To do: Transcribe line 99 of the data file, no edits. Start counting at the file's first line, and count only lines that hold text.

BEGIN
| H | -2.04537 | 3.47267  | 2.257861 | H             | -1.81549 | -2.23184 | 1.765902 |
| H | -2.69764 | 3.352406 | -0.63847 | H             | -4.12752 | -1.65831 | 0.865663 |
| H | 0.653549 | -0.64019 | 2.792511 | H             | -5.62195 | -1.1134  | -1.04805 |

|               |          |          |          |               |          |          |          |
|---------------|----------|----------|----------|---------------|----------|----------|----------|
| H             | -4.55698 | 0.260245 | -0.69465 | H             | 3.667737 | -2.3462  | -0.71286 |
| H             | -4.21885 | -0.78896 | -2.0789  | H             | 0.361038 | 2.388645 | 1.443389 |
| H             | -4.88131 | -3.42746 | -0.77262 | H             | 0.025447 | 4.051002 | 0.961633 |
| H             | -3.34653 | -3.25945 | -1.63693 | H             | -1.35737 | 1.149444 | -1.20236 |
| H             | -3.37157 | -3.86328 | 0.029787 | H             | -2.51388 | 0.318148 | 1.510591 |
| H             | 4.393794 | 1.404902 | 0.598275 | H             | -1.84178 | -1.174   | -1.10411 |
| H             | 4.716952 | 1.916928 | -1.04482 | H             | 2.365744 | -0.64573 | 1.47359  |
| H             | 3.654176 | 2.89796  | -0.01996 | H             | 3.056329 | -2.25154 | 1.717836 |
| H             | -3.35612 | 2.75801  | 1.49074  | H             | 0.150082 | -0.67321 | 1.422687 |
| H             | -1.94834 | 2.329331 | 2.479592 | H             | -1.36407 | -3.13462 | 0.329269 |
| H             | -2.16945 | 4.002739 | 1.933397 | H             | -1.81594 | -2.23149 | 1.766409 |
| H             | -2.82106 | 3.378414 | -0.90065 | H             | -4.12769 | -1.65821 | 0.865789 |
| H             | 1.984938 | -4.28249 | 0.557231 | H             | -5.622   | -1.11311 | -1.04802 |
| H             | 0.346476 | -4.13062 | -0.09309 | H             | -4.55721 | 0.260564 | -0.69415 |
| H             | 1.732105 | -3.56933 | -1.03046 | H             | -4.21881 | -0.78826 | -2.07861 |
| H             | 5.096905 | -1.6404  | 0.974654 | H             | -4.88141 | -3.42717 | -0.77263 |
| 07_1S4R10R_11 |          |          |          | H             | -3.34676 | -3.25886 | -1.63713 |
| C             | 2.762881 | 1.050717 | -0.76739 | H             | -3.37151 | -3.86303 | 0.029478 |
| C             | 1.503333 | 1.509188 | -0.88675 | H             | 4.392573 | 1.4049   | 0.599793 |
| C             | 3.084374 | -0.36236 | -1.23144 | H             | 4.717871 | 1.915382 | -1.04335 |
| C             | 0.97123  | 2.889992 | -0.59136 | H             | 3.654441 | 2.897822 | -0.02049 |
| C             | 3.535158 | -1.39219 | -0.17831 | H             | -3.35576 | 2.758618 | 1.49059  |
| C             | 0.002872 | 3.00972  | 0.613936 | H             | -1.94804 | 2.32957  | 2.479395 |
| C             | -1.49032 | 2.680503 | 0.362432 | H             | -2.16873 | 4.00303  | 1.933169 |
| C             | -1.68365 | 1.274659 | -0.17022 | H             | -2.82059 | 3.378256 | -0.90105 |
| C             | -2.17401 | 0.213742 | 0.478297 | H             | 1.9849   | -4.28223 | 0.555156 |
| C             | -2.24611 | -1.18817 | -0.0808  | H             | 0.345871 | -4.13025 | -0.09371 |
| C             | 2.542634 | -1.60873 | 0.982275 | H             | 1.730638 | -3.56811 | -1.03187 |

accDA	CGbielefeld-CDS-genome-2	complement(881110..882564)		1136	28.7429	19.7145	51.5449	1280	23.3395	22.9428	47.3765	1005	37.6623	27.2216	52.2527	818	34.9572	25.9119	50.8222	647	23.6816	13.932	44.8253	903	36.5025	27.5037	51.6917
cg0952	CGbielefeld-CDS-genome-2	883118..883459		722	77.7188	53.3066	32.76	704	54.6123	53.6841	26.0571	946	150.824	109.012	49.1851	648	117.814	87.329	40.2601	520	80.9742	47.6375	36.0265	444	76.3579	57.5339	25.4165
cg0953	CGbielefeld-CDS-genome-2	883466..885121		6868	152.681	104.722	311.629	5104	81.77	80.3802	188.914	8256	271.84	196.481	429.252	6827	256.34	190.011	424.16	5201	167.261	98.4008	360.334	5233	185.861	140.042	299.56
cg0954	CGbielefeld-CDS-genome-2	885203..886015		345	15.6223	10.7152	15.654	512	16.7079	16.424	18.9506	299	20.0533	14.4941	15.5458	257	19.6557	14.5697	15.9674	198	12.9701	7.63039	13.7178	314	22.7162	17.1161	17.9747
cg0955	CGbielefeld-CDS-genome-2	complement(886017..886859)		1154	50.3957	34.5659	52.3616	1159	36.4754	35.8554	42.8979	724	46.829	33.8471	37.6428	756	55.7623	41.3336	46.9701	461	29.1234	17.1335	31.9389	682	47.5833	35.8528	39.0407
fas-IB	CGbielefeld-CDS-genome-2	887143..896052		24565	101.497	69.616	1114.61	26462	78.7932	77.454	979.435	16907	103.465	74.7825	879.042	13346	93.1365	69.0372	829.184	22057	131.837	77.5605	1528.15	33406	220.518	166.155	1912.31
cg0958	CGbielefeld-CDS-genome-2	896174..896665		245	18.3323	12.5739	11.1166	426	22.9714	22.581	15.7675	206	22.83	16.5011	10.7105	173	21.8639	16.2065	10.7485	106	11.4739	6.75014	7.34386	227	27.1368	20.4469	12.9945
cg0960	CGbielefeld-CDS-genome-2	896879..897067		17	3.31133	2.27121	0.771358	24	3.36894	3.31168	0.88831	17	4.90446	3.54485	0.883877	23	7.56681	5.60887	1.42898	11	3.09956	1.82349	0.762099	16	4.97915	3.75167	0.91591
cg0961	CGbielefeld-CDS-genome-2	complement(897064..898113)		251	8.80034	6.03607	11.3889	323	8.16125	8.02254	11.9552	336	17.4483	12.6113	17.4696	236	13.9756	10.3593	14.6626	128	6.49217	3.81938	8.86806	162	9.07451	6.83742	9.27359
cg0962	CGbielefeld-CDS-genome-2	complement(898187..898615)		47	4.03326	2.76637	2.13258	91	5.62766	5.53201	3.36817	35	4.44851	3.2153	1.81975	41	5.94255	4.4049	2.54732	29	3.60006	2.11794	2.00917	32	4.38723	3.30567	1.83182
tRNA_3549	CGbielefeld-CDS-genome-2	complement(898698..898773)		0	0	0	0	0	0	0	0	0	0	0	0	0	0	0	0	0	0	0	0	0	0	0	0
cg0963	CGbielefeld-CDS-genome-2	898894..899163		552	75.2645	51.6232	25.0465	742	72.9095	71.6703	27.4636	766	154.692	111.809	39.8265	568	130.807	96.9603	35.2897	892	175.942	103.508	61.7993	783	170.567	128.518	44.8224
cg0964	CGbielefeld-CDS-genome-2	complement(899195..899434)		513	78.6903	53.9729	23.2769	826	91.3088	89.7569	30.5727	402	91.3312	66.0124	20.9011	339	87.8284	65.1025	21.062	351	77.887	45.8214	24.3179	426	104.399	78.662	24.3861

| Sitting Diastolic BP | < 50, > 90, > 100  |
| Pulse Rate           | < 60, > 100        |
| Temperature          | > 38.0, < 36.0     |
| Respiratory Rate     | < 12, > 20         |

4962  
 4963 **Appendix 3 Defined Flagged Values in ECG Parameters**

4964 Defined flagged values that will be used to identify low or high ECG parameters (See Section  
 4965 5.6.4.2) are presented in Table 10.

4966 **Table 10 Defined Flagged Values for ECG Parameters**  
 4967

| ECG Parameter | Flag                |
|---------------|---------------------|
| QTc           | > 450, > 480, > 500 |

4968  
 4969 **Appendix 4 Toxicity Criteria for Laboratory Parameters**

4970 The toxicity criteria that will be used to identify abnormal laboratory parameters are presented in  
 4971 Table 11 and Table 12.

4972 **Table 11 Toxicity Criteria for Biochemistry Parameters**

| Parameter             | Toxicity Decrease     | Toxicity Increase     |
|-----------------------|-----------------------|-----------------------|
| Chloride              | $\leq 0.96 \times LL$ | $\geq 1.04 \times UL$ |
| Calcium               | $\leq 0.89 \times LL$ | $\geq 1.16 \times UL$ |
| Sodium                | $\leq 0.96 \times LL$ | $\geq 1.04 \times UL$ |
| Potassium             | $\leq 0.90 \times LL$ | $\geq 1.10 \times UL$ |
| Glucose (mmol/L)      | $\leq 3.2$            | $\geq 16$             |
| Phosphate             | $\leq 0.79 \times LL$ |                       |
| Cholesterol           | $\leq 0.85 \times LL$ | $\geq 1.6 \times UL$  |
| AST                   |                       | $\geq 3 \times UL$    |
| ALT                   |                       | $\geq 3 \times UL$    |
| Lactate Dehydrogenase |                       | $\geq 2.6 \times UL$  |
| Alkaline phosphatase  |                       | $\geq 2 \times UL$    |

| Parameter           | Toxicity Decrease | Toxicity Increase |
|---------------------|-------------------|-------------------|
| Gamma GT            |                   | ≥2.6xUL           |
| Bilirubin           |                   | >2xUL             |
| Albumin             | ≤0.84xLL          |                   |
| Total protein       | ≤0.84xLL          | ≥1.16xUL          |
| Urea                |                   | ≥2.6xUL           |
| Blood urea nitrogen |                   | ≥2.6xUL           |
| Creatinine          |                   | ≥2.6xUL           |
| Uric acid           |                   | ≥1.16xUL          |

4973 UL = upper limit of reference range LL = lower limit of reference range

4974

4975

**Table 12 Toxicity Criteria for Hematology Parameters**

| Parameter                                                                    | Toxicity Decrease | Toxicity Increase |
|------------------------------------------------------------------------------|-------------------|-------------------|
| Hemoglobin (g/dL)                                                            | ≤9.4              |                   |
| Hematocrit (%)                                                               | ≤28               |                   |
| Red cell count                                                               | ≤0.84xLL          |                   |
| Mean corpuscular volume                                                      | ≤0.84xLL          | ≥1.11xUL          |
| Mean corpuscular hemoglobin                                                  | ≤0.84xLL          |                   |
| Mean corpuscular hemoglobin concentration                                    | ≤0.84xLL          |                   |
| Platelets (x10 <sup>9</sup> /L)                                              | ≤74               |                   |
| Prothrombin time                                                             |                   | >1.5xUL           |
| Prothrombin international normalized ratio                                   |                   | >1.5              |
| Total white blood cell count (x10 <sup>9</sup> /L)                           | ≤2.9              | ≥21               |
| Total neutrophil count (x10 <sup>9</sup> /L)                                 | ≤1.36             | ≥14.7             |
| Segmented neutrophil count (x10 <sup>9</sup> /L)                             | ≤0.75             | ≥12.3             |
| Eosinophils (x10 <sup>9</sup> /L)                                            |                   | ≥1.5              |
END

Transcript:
| Mean corpuscular hemoglobin concentration                                    | ≤0.84xLL          |                   |